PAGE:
By Stuart McHardy
An excellent article which starts...
Water is basic. It is necessary to all forms of life on our planet.
It is also in some countries, like Scotland, extremely common. We
have lochs, rivers, wells and springs and in all our seasons - rain.
Yet water is the bearer of sanctity and is involved in the rituals
of many religions. The Christians use water for baptism and
christening - sanctifying the person involved. Water was also at the
very heart of what was the ancient religion. It has been suggested
that we all respond particularly to water because in our mothers’
wombs we float in the amniotic fluid as if it were water and some
psychologically driven people see the idea of the Flood as being
derived from a memory of the time in the womb. Be that as it may
there can be no doubt that water was absolutely central to the
belief patterns of our ancestors. The importance of wells and the
association of goddess-type figures with our rivers attest to this.
It would seem fair to say that in pagan times that water was seen in
some way as the blood of the Goddess. Wells and springs erupting
from the earth were seen as being particularly beneficial and the
term well-worship has been widely used to describe that happened at
many locations. In Scotland the survival of many well-rituals into
the 19th and 20th centuries have been commented upon, giving us
glimpses of how our ancestors saw themselves in the world. Many of
these wells have been, and some continue to be, associated with
healing, sometimes in a general sense and at others with specific
He has sent in a wee humour story for us and here it is for you to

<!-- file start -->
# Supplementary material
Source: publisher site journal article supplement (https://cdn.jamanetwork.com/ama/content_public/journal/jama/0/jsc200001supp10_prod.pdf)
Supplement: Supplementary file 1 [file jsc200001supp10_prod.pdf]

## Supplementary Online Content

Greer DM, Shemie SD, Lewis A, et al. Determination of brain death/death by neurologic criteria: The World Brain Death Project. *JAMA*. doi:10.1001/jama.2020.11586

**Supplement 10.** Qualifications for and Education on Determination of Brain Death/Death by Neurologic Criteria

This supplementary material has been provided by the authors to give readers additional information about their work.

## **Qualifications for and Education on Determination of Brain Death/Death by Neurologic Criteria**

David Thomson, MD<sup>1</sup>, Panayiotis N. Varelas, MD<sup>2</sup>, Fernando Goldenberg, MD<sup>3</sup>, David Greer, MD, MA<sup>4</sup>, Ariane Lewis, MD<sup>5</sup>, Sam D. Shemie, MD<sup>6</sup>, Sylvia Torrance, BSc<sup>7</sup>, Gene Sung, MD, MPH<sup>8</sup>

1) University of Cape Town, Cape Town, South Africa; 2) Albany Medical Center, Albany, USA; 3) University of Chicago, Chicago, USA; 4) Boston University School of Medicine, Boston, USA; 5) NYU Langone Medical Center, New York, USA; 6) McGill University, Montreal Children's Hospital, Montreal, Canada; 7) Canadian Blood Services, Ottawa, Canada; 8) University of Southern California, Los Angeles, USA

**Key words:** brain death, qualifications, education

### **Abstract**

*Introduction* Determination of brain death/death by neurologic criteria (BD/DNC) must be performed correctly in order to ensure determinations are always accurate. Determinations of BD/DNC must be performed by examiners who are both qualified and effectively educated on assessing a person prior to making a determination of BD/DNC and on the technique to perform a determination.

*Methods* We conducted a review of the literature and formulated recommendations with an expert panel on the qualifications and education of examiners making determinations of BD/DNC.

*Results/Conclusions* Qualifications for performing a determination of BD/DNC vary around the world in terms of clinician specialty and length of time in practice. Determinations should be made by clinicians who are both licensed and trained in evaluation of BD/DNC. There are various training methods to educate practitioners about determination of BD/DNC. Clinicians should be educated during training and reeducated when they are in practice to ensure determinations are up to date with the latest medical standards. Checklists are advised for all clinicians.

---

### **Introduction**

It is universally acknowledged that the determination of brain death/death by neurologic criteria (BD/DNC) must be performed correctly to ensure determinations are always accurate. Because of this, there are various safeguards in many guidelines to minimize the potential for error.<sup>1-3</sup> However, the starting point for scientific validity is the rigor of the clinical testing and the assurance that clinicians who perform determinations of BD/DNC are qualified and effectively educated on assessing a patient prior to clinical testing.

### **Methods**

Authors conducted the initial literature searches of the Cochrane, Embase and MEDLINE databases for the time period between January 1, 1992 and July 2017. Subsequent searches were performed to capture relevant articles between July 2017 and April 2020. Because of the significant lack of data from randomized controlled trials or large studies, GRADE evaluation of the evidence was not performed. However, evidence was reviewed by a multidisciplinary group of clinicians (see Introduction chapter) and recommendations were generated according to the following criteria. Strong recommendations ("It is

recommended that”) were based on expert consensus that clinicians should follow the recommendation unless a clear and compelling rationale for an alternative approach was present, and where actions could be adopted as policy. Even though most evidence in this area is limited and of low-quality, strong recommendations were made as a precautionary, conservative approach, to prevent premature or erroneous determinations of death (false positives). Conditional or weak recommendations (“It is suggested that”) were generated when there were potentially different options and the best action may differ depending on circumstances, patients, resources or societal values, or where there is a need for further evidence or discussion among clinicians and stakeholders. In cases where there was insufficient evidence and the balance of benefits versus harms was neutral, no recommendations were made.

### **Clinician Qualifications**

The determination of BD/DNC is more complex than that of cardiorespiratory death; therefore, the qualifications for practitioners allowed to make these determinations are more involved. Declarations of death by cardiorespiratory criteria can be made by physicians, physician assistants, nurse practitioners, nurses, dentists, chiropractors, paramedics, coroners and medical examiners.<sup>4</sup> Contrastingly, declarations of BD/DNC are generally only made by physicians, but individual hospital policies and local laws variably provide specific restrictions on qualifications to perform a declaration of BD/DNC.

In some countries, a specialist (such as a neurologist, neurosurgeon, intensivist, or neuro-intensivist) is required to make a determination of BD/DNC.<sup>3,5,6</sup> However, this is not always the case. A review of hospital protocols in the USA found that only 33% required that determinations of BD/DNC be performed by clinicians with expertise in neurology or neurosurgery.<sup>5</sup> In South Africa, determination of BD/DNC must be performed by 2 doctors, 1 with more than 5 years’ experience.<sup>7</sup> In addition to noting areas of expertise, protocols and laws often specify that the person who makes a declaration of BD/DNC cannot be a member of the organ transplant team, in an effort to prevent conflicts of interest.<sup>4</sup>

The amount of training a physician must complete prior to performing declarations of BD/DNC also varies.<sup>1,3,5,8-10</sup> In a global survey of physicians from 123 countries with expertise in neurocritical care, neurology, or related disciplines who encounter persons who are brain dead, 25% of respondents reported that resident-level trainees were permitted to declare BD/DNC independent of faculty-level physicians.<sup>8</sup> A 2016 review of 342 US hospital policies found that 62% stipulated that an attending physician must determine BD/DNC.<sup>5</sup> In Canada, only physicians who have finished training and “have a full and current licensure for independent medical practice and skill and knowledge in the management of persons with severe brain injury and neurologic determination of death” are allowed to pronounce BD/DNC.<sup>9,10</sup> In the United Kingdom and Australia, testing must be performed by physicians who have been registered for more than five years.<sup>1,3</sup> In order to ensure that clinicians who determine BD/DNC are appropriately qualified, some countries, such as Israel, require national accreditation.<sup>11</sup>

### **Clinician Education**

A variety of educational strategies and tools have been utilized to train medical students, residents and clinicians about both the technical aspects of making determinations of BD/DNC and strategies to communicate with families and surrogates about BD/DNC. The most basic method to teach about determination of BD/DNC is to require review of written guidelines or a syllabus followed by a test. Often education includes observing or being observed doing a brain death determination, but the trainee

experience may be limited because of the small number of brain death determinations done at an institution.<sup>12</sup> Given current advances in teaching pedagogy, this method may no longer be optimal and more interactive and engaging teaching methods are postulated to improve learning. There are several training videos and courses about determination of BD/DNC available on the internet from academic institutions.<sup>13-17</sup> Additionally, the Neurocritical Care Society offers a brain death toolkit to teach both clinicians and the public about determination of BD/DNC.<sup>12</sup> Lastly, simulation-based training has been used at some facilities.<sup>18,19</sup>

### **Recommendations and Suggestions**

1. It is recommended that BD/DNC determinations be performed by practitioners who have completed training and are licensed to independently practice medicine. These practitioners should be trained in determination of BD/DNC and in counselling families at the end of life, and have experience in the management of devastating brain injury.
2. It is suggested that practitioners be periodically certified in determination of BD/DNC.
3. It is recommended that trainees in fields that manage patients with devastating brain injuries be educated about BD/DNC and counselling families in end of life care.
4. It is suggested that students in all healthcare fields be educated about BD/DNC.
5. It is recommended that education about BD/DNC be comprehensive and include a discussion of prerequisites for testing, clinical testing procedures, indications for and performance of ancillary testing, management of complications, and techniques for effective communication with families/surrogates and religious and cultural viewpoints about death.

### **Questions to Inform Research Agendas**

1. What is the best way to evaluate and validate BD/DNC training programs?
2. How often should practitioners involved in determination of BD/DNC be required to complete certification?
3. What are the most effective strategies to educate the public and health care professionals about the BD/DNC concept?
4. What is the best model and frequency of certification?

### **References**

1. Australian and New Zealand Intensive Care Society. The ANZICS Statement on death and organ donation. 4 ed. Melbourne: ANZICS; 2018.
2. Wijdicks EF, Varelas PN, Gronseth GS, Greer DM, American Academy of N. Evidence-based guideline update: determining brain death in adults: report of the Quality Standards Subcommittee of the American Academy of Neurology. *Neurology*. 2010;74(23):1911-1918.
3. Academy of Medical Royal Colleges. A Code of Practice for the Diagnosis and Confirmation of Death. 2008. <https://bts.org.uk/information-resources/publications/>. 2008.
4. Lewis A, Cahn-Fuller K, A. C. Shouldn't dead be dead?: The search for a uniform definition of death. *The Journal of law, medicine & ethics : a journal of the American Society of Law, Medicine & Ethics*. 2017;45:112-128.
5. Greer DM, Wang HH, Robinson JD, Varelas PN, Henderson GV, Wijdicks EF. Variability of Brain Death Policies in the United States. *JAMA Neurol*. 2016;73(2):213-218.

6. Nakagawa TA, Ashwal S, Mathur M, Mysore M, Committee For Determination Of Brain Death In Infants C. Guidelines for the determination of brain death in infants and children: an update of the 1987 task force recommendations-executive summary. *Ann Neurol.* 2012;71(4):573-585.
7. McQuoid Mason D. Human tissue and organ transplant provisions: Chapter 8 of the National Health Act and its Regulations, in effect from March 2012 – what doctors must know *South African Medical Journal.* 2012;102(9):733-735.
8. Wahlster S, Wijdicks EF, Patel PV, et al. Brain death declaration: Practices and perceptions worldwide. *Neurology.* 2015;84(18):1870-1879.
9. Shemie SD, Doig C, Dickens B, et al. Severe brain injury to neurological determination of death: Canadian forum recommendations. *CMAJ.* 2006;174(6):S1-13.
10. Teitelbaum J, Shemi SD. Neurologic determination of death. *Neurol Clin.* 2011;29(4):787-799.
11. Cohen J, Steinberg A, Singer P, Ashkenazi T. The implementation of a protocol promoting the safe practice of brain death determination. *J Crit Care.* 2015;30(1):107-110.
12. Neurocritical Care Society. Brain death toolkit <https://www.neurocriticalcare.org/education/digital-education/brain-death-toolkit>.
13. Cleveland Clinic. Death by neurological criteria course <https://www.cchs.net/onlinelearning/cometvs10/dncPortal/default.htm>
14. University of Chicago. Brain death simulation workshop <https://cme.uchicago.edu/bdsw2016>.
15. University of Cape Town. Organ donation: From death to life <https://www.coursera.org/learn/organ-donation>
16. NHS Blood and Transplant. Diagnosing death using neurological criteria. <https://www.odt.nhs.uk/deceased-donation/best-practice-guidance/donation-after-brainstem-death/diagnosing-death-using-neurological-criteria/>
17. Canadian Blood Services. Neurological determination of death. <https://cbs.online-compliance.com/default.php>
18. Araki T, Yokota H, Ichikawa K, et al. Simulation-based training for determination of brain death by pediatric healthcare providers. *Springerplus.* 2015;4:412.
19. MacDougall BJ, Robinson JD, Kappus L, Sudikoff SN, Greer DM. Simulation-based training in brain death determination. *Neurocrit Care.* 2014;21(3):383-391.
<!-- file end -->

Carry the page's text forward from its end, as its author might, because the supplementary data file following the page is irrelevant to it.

You don't have to own a cat to appreciate this one. You don't even
have to like 'em!
We were dressed and ready to go out for the New Years Eve Party. We
turned on a night light, turned the answering machine on, covered
our pet parakeet and put the cat in the backyard. We phoned the
local cab company and requested a taxi.
The taxi arrived and we opened the front door to leave the house.
The cat we put out in the yard, scoots back into the house. We
didn't want the cat shut in the house because she always tries to
eat the bird.
I go out to the taxi, while my husband went inside to get the cat.
The cat runs upstairs, with my husband in hot pursuit. Waiting in
the cab, I don't want the driver to know that the house will be
empty for the night. I explain to the taxi driver that he will be
out soon, 'He's just going upstairs to say goodbye to my mother.'
A few minutes later, he gets into the cab. 'Sorry I took so long,'
he said, as we drove away. 'That stupid bitch was hiding under the
bed. I had to poke her with a coat hanger to get her to come out!
She tried to take off, so I grabbed her by the neck. Then, I had to
wrap her in a blanket to keep her from scratching me. But it worked!
I hauled her fat ass downstairs and threw her out into the back
The cab driver nearly hit a parked car.
And that's it for now and hope you all have an enjoyable weekend :-)